Today’s post for Women’s History Month comes from Jessie Kratz, Historian of the National Archives.
I was intrigued when Alan Walker discovered those wonderful ID cards of former Archives employees in Record Group 64. I noticed many were women, which makes sense given the time period, and thought it would be nice to highlight a former female employee for Women’s History Month. I randomly picked Mrs. Margaret M. H. Finch, who worked for the National Archives between 1940 and 1949.
As it turns out, Finch’s name appears quite frequently in many of our records. Interestingly, it’s not because she was employed by the National Archives, but because of her previous position.
Finch began her federal career in 1919, at age 42, shortly after her first husband died in the 1918 influenza outbreak. She started as a clerk in the War Department but soon moved to the Bureau of Pensions in the Department of Interior. While there, she worked primarily with pension and bounty-land files from the Revolutionary War and the War of 1812.
When she became chief of the Revolutionary and War of 1812 pension branch, she became the main contact person for historians, genealogists, and other researchers seeking copies of pension records. The paperwork these requests generated were subsequently filed with the records themselves.… [ Read all ]
We continue with our celebrations of American Archives Month with our series highlighting a few of the outstanding folks in our Presidential Libraries.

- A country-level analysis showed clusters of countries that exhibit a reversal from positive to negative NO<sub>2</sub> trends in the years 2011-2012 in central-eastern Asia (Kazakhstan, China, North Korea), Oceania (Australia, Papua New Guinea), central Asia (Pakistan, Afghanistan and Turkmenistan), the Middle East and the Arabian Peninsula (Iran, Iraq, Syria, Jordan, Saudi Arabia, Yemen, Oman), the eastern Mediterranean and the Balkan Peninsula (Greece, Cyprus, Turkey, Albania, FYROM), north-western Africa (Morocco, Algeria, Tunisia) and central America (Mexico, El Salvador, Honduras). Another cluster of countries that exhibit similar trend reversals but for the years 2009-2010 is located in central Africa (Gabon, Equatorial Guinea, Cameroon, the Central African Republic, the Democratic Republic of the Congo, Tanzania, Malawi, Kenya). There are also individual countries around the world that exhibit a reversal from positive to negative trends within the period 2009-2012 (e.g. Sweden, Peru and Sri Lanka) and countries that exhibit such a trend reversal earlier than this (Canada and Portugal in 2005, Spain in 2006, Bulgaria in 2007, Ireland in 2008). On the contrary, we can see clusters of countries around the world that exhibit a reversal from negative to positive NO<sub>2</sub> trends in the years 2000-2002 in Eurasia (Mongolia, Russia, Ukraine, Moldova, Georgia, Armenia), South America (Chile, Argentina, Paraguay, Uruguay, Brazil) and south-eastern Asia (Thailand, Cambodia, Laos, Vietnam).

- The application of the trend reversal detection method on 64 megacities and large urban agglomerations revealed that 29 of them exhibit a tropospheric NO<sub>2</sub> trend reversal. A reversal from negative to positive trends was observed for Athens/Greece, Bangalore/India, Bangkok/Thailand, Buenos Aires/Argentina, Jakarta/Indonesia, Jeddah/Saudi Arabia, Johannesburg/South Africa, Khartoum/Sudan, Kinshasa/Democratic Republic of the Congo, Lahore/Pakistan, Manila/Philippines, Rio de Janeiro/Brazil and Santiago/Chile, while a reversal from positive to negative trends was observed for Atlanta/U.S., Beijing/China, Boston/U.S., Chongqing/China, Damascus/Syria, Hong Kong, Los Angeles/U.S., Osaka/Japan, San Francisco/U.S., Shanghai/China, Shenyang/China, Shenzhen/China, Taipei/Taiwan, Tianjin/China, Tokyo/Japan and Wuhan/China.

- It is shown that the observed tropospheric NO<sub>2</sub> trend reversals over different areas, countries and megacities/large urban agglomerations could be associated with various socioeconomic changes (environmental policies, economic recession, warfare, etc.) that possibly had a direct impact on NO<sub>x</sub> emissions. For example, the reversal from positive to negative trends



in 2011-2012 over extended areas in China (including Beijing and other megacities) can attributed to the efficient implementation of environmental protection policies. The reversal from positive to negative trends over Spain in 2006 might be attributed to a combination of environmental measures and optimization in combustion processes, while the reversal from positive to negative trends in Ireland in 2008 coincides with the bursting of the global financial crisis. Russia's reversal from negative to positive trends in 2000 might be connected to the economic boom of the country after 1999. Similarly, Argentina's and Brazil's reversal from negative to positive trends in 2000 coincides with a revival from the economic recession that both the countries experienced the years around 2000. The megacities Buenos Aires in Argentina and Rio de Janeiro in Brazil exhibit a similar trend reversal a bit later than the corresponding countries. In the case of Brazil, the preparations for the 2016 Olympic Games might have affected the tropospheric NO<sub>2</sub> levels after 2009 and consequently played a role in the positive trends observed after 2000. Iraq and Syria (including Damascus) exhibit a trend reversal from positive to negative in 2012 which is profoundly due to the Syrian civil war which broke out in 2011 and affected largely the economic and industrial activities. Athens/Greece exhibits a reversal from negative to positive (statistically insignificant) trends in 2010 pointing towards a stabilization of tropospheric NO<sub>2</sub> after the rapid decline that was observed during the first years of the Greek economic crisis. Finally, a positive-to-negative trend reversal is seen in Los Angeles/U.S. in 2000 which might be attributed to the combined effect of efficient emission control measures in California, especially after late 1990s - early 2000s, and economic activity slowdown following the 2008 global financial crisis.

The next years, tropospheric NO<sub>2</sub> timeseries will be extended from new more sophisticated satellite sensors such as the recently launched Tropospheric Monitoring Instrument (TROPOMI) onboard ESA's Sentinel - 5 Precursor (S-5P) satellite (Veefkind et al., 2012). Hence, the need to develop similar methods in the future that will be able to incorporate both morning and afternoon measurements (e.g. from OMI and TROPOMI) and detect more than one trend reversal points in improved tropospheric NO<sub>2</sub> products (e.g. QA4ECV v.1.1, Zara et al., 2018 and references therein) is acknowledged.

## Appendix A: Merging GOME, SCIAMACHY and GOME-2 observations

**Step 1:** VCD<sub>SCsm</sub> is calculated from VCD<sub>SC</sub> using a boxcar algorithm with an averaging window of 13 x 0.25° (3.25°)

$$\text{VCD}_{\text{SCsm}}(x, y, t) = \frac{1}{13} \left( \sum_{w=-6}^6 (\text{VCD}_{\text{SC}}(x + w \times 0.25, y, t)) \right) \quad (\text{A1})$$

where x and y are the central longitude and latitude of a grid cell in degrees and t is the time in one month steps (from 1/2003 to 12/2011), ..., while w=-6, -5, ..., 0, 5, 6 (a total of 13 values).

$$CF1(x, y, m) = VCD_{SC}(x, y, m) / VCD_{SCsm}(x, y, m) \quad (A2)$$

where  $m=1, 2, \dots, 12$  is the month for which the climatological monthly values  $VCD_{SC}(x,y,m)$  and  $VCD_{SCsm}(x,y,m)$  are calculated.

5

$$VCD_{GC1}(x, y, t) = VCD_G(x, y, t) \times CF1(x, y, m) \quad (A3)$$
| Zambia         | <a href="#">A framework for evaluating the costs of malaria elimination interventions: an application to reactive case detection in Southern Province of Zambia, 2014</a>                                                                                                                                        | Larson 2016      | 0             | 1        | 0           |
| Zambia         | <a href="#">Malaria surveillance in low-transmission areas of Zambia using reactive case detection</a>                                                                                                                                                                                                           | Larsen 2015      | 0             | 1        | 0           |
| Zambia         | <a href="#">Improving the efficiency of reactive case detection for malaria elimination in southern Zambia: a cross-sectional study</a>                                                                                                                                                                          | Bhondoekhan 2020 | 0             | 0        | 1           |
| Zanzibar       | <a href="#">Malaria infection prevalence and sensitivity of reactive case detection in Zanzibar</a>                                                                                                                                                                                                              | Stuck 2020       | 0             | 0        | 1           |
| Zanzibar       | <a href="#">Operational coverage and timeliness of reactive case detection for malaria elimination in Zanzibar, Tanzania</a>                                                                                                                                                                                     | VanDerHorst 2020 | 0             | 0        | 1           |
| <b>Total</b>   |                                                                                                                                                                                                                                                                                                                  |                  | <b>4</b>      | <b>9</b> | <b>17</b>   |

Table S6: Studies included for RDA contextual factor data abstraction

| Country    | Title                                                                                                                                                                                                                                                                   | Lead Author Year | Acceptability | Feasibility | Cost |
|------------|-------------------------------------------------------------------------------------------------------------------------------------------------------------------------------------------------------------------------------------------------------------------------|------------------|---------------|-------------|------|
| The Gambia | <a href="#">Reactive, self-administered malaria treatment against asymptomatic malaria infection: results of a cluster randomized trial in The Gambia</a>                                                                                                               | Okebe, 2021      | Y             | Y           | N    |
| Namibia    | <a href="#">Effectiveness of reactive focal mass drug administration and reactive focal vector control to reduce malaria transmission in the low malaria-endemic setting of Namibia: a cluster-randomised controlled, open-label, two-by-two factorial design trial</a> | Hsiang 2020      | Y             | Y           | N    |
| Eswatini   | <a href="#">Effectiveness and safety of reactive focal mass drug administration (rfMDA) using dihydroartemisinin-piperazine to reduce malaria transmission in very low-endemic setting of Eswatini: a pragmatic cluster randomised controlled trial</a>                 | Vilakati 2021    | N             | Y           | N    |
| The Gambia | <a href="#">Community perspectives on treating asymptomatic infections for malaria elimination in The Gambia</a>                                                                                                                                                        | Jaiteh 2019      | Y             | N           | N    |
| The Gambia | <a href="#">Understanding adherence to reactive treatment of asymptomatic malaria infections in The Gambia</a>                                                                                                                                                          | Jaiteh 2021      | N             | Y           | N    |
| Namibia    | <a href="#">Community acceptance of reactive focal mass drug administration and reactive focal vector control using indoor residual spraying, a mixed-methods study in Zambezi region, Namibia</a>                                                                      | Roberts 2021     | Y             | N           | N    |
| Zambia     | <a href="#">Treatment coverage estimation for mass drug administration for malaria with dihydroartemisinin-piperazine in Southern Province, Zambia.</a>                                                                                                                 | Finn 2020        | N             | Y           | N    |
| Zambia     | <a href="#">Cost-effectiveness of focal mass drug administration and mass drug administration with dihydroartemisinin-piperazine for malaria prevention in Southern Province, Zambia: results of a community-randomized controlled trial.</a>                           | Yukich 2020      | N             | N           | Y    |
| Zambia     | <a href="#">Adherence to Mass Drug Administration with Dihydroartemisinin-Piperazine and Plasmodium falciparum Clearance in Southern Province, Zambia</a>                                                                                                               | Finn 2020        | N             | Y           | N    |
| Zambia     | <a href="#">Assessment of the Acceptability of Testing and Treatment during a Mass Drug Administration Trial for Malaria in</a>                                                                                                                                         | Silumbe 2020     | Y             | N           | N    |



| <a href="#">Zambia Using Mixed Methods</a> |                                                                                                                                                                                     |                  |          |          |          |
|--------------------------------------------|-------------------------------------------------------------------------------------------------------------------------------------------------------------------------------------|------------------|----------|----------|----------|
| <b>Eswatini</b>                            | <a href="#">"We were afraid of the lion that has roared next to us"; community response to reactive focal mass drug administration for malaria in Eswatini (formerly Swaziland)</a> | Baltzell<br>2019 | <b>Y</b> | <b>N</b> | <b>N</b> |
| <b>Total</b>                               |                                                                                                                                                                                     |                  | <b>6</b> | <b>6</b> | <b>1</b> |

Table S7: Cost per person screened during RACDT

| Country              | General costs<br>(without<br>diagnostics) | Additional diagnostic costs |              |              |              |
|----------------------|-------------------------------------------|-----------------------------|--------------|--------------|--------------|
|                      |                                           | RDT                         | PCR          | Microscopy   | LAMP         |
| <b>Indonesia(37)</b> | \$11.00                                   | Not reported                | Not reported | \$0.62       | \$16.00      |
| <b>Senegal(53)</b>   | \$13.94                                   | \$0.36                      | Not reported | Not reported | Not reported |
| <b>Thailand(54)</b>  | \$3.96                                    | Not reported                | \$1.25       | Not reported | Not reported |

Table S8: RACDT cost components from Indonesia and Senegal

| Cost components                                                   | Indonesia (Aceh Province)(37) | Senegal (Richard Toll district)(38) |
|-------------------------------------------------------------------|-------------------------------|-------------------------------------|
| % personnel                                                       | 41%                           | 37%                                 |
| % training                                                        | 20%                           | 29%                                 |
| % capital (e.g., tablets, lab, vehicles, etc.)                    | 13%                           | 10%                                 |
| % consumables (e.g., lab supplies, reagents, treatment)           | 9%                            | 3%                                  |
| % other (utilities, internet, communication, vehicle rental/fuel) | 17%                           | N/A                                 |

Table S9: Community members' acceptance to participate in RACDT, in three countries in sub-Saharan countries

Archivist Ryan Rutkowski has crisscrossed the nation in his pursuit of public history. From San Francisco to Chicago to Wheeling, WV, Rutkowski has finally found a home under the southern sun in Atlanta, GA. Read on to find out about his duties as an archivist, and how his job once led him to play a priest on the History Channel.
Name: Ryan Rutkowski
Occupation: Archivist at Jimmy Carter Presidential Library and Museum
How long have you worked at this library?
Almost two years.
How/why did you decide to go into the archival field?
When I was an undergraduate, I had an opportunity to volunteer and intern at the Archives for the Archdiocese of San Francisco during my senior year at the University of San Francisco. The archivist, who was also my professor, gave me a broad range of duties that include processing, cataloging, and answering research requests.
I was particularly amazed at the rich history that was being preserved there, from the Mission Dolores artifacts dating to the 1700s to the sacramental records that were saved from parishes destroyed in the San Francisco Earthquake of 1906. I enjoyed working hands with the material and provide research assistants to variety of clients. … [ Read all ]
Posted by Victoria on October 29, 2013, under - Presidents, National Archives Near You.
Tags: American Archives Month, Archives Month, Archivists, Georgia, History Channel, President Carter, Ryan Rutkowski, UFO, Willie Nelson
Today’s post comes from Alan Walker, archivist at the National Archives in College Park, Maryland.
In my reflective moments, I think about what has kept me here at the National Archives for all this time. It couldn’t be the bone-wearying monotony of shuffling heavy cartons of records from here to there, or the tedium of changing out old information systems and learning the vagaries of new ones. No, there’s something else that gets me in the door every morning. Fasteners.